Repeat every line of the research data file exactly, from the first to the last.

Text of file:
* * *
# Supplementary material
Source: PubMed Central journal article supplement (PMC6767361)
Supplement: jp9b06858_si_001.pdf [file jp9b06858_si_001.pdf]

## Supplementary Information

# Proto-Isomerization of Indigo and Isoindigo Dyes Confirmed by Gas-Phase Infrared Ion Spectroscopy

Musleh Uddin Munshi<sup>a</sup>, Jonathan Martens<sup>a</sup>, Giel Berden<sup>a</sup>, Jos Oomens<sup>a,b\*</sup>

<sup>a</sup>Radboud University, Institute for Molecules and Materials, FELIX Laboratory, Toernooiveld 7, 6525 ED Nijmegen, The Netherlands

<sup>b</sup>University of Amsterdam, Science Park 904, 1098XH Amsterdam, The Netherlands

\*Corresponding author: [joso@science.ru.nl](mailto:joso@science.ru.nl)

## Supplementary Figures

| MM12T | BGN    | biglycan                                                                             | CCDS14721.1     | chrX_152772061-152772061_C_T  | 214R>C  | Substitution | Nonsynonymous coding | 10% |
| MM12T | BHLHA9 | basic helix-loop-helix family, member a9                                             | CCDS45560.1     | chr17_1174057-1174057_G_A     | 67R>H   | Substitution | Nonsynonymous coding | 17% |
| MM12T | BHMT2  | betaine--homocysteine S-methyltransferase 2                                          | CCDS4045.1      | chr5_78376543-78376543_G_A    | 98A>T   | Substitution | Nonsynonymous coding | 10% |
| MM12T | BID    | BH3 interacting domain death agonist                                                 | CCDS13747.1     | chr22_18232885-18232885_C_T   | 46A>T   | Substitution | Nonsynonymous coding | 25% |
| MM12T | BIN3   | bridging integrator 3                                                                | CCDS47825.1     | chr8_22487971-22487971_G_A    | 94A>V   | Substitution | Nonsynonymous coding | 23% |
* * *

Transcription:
# Supplementary material
Source: PubMed Central journal article supplement (PMC6767361)
Supplement: jp9b06858_si_001.pdf [file jp9b06858_si_001.pdf]

## Supplementary Information

# Proto-Isomerization of Indigo and Isoindigo Dyes Confirmed by Gas-Phase Infrared Ion Spectroscopy

Musleh Uddin Munshi<sup>a</sup>, Jonathan Martens<sup>a</sup>, Giel Berden<sup>a</sup>, Jos Oomens<sup>a,b\*</sup>

<sup>a</sup>Radboud University, Institute for Molecules and Materials, FELIX Laboratory, Toernooiveld 7, 6525 ED Nijmegen, The Netherlands

<sup>b</sup>University of Amsterdam, Science Park 904, 1098XH Amsterdam, The Netherlands

\*Corresponding author: [joso@science.ru.nl](mailto:joso@science.ru.nl)

## Supplementary Figures

| MM12T | BGN    | biglycan                                                                             | CCDS14721.1     | chrX_152772061-152772061_C_T  | 214R>C  | Substitution | Nonsynonymous coding | 10% |
| MM12T | BHLHA9 | basic helix-loop-helix family, member a9                                             | CCDS45560.1     | chr17_1174057-1174057_G_A     | 67R>H   | Substitution | Nonsynonymous coding | 17% |
| MM12T | BHMT2  | betaine--homocysteine S-methyltransferase 2                                          | CCDS4045.1      | chr5_78376543-78376543_G_A    | 98A>T   | Substitution | Nonsynonymous coding | 10% |
| MM12T | BID    | BH3 interacting domain death agonist                                                 | CCDS13747.1     | chr22_18232885-18232885_C_T   | 46A>T   | Substitution | Nonsynonymous coding | 25% |
| MM12T | BIN3   | bridging integrator 3                                                                | CCDS47825.1     | chr8_22487971-22487971_G_A    | 94A>V   | Substitution | Nonsynonymous coding | 23% |